Kidney Transplant

How to Cite This Chapter: Iqbal A, Durlik M. Kidney Transplant. McMaster Textbook of Internal Medicine. Kraków: Medycyna Praktyczna. https://empendium.com/mcmtextbook/chapter/B31.II.14.94. Accessed July 17, 2024.
Last Updated: October 2, 2022
Last Reviewed: October 2, 2022
Chapter Information

Kidney transplant, first successfully performed in 1954 in monozygotic twins, improves the quantity and quality of life for suitable patients with end-stage renal disease (ESRD) by restoring normal homeostasis and endocrine functions. Because of superior health outcomes and reduced overall cost to the health-care system compared with dialysis, transplant is the therapy of choice in the treatment of ESRD.

IndicationsTop

Every patient with advanced chronic kidney disease (CKD) who is anticipated to progress to ESRD (see Chronic Kidney Disease) should be considered for kidney transplant. Kidney transplant is performed in patients receiving dialysis treatment (hemodialysis [HD] or peritoneal dialysis [PD]) or before starting dialysis treatment (preemptive transplant). Planning for renal transplant should occur when the glomerular filtration rate (GFR) is between 15 mL/min/1.73 m2 and 30 mL/min/1.73 m2 to begin preliminary testing and to allow patients to seek out potential living donors. Efforts should be made to promote and advance living donation, given its superior patient and graft survival compared with deceased donor transplant. Patients with no potential living donors should receive counseling about the deceased donor transplant process including anticipated wait time, which may vary considerably depending on blood group, status of antibodies against human leukocyte antigen (HLA), and geographic region. Patients with other organ failure should be considered for combined transplant, such as pancreas-kidney (usually in type 1 diabetes), liver-kidney, or heart-kidney.

ContraindicationsTop

1. Absolute contraindications:

1) Active malignancy, except for very low–grade, indolent malignancies.

2) Uncontrolled active infections, including osteomyelitis, AIDS, aggressive viral hepatitis.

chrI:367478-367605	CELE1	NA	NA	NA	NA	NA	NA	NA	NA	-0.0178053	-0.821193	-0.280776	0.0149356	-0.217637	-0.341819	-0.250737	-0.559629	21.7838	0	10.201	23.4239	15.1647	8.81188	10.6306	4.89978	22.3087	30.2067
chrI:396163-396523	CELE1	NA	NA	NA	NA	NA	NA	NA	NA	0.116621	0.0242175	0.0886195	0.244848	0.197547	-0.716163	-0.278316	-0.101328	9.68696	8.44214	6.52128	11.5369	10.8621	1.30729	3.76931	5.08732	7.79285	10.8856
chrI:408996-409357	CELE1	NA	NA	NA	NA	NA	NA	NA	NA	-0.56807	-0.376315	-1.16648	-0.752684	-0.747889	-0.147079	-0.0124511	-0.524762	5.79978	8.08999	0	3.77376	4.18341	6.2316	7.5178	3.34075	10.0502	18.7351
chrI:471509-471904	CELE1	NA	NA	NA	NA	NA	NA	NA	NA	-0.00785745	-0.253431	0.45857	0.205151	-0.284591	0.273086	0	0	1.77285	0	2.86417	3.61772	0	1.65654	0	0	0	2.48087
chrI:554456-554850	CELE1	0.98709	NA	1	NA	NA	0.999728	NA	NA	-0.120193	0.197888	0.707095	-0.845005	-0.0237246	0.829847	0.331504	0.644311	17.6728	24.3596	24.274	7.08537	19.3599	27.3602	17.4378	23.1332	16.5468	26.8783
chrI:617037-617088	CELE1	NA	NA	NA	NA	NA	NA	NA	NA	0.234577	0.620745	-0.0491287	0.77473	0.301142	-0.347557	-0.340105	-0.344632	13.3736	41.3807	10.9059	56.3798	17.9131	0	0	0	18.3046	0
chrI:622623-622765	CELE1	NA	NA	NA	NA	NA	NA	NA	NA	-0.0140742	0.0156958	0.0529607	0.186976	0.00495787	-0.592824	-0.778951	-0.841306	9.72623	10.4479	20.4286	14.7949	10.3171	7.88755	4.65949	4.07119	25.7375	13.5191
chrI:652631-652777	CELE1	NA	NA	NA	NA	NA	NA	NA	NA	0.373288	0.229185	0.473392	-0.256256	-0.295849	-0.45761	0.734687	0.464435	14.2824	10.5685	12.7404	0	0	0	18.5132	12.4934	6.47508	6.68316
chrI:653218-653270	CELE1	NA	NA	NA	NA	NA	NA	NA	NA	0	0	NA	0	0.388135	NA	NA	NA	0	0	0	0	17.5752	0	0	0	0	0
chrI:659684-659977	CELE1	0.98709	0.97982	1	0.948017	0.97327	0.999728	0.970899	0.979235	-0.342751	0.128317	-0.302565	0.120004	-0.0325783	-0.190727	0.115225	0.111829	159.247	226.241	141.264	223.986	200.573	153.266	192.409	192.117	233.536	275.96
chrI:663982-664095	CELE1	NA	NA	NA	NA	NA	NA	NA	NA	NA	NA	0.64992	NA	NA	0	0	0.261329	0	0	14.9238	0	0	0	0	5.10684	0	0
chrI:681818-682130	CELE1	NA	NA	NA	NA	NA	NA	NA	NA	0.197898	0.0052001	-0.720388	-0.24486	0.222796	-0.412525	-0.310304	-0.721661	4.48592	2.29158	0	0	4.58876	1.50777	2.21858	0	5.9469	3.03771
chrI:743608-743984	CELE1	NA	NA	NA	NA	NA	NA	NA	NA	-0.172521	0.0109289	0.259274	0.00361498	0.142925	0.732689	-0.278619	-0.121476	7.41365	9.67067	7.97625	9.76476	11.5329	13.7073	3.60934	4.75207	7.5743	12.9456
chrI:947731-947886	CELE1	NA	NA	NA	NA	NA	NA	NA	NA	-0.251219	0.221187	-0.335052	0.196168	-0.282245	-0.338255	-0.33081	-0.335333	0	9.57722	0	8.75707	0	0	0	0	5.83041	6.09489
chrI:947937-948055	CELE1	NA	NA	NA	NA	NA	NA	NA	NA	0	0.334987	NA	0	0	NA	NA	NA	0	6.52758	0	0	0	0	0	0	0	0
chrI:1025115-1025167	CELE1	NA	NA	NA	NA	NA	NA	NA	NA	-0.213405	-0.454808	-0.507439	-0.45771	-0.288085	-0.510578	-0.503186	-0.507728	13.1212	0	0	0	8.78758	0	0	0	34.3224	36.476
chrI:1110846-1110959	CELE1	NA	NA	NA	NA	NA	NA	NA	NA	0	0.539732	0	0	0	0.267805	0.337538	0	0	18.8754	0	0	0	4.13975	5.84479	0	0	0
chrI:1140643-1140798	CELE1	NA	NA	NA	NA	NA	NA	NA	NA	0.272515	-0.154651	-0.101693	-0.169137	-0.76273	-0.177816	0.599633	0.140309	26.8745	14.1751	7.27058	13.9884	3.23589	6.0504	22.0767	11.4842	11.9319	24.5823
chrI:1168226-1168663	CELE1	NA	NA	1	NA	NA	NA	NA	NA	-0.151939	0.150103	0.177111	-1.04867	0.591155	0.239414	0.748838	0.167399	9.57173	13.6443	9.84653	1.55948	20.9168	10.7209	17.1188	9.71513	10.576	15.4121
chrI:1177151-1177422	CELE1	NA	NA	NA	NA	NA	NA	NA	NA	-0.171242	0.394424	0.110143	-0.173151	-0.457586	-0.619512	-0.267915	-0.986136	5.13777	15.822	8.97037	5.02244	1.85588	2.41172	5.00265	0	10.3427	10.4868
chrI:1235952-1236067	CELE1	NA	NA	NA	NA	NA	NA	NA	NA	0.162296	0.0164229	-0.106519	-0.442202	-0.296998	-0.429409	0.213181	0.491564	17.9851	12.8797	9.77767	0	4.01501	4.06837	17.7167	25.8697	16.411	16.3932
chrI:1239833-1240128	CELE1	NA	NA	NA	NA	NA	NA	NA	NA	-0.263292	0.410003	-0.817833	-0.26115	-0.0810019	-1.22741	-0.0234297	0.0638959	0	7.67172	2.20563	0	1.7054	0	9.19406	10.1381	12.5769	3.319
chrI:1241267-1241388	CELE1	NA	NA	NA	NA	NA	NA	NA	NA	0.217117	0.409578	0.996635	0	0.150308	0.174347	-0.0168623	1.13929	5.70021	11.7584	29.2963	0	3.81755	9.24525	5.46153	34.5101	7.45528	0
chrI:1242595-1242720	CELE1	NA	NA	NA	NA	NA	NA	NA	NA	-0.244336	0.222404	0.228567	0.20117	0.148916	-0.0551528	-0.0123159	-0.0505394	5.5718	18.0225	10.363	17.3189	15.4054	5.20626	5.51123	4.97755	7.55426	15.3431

3) Decompensated cirrhosis or severe irreversible lung disease (these patients are not candidates for multiorgan transplant).

4) Severe uncorrectable, symptomatic cardiac disease deemed by a cardiologist to preclude transplant.

5) Progressive central degenerative disease.

6) Short life expectancy due to the burden of comorbidities, advanced age, frailty (age alone is not a contraindication and is considered in the context of overall health status).

2. Relative contraindications:

1) Recurrent infections requiring active treatment.

2) Unstable psychiatric illness that significantly impairs decision making.

3) Ongoing substance use disorder that significantly impairs decision making.

4) Ongoing nonadherent behavior despite education and counseling.

5) Lesions in the distal urinary system: Mechanical obstruction in the bladder neck, urethral valve, benign prostatic hyperplasia, significant vesicoureteral reflux (transplant is possible after urologic treatment and following a decision on the route of urine outflow).

6) History of neoplastic disease (specific cancer-free waiting periods are sometimes required).

7) Advanced body-mass index (BMI) of 35 or 40 kg/m2, depending on the transplant center. Bariatric referral may be required to facilitate weight loss.

ProcedureTop

Recipient Assessment

Potential transplant recipients are typically referred by their primary nephrologists to a transplant nephrologist for initial workup. Patients are screened for absolute and relative contraindications and are referred for cardiac workup and surgical assessment. They may also be reviewed by an anesthesiologist, social worker, and transplant pharmacist. Full infectious serology and age-appropriate cancer screening (as per local guidelines) is completed. Patients receive counseling on the risks and benefits of transplant, living versus deceased donor transplant, and expected waiting time on the deceased donor list.

Donor Selection

Potential living donors undergo extensive testing to ensure they are medically, socially, and psychologically suitable for organ donation. The goal of testing is to determine if the kidney is medically suitable for the recipient and to ensure the risks to the donor are acceptable. These include the perioperative risk of nephrectomy and lifetime risk of complications of living with a solitary kidney. The potential living donor receives counseling from the donor team regarding these risks. For deceased donors, full testing including renal function testing, relevant imaging, and infectious workup is typically done in the intensive care unit (ICU) setting while the patient is on life support. Organs are retrieved once brain death is declared (neurologic determination of death [NDD], NDD donor), or once life support is withdrawn and asystole occurs (donation after circulatory death [DCD], DCD donor).